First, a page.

Without this coverage, you can be held liable for damages — which means you can be sued. Lacking liability coverage puts your assets at risk.
Additional living expenses
Sometimes referred to as "loss of use," additional living expenses coverage handles costs incurred if you need to vacate the home due to a covered loss. If your home is damaged by fire and you need to live in a hotel for a few weeks, this coverage would reimburse you for your stay. Without this coverage, you would be stuck footing the bill for any temporary housing expenses.
There are some additional HO-1 policy exclusions. Many of these circumstances are excluded from all homeowners insurance policies.
- Vandalism to vacant dwellings
- Wear and tear
- Damage caused by pets
- Enforcement of building codes and similar laws
- Intentional acts
- Government acts
*Some policies allow you to add limited coverage for mold damage. Furthermore, you can add earthquake insurance via a supplementary policy.
Because it only provides dwelling coverage, HO-1 policies are not very common. It is generally only used to cover your home against catastrophic losses, i.e, a total loss. An insurance company might require you to insure your home with an HO-1 policy if they deem you or your dwelling are too risky for other types of homeowners policies — this happens for older homes on occasion.
Many mortgage lenders will not approve HO-1 policies — for good reason. A home is an investment and should be insured as such. Insurance is one of the cheaper aspects of homeownership, so it's worth the small investment. Below are additional policies worth considering if you’re interested in home insurance.
- HO-2 — Broad Form Policy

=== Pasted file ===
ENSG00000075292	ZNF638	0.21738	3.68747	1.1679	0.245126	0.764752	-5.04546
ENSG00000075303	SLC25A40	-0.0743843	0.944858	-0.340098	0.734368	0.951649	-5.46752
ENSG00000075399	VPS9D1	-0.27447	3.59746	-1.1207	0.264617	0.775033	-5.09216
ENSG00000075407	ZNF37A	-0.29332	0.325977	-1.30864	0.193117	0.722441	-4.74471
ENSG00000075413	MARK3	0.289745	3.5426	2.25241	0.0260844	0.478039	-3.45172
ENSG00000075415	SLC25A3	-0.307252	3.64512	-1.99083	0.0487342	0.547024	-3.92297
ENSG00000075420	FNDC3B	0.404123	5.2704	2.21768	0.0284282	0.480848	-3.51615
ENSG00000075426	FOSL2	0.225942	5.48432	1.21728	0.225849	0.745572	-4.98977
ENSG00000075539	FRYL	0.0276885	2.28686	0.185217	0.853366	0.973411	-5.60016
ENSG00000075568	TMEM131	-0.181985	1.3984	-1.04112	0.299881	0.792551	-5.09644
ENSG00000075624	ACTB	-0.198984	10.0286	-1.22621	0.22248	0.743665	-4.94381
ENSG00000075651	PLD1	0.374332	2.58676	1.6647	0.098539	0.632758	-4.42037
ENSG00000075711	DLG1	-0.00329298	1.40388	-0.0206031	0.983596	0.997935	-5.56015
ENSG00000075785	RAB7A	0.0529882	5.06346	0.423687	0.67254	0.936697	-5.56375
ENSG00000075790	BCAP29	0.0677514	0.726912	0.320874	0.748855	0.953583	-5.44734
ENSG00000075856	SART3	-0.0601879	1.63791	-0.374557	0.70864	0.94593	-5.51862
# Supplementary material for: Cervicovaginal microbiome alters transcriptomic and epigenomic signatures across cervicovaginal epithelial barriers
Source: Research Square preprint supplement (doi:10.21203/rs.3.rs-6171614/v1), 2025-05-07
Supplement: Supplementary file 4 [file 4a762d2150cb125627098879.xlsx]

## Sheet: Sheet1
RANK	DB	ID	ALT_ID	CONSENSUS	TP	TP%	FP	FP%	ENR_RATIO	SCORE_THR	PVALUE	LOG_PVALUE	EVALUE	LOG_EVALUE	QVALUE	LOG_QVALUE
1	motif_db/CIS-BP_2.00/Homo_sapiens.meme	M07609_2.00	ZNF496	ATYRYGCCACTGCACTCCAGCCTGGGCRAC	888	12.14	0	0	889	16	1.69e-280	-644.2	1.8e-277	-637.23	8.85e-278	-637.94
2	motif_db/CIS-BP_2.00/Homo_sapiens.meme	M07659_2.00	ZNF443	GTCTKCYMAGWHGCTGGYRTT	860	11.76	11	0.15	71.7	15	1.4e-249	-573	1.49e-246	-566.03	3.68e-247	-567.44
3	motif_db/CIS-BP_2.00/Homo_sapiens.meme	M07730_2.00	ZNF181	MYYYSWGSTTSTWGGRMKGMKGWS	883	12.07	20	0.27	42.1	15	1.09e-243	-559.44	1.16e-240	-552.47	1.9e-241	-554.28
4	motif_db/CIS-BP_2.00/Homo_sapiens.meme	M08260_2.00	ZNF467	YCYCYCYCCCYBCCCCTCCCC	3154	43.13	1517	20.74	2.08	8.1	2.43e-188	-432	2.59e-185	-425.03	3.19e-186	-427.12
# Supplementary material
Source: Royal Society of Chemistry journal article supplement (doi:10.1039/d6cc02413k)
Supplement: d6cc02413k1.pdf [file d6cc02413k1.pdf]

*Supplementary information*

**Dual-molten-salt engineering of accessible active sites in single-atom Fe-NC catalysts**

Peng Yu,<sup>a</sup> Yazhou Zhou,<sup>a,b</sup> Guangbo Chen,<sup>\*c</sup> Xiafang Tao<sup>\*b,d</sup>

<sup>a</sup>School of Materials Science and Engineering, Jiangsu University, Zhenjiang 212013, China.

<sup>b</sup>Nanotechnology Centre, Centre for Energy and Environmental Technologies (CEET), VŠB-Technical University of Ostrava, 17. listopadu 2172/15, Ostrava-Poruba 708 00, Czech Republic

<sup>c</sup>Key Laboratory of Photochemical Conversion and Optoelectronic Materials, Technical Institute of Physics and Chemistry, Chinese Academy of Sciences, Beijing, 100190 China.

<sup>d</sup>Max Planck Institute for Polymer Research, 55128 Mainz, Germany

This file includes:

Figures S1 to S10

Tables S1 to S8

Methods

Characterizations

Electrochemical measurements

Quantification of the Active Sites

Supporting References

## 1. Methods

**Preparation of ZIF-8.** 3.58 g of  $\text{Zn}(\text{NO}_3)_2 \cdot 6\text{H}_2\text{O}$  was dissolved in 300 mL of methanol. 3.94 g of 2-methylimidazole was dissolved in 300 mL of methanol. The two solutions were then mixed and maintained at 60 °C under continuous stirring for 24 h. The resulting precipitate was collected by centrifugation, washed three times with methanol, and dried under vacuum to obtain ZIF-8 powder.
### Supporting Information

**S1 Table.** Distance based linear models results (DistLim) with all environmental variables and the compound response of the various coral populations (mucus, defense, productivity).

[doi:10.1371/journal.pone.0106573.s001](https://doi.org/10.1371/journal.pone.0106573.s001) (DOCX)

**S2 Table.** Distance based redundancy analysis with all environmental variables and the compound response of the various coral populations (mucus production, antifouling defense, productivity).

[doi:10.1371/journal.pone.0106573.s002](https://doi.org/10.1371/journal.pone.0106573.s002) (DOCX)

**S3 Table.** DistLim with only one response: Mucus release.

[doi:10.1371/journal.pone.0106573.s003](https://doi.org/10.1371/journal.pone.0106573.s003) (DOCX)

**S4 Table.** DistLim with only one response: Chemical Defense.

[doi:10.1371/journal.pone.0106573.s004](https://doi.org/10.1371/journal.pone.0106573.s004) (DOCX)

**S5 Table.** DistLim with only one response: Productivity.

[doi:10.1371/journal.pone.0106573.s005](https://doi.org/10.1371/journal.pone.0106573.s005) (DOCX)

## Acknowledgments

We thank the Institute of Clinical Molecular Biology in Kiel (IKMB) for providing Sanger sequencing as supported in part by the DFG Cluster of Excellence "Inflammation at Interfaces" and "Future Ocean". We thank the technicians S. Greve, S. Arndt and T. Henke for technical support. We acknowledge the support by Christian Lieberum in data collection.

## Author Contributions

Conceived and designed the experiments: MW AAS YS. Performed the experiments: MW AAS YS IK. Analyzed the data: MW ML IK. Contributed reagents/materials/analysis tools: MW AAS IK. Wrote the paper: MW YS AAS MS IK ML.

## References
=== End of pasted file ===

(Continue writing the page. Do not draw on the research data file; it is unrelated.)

- HO-3 — Special Form Policy
- HO-5 — Comprehensive Form Policy
While an HO-2 policy is slightly more common than an HO-1, it still falls short of the default home insurance coverage. HO-5 is the most comprehensive form of homeowners insurance, while an HO-3 policy is the most common home insurance policy type.
Learn more about homeowners insurance.
If you’re looking for a competitive home insurance quote, call (888) 493-9728 or click below.
- Landlord and Rental Property Insurance
- Vacant Home Insurance
- What is an HO-3 Insurance Policy?
- What is an Insurance Peril?
- How to Read a Homeowners Insurance Policy
- Insurance for a Second Home
- High-Value Homeowners Insurance
- What is an HO-2 Insurance Policy?
- Home Insurance for Older Homes
- What is an HO-7 Insurance Policy?
About The Zebra
The Zebra is not an insurance company. We publish data-backed, expert-reviewed resources to help consumers make more informed insurance decisions.
- The Zebra’s insurance content is written and reviewed for accuracy by licensed insurance agents.
- The Zebra’s insurance editorial content is not subject to review or alteration by insurance companies or partners.
- The Zebra’s editorial team operates independently of the company’s partnerships and commercialization interests, publishing unbiased information for consumer benefit.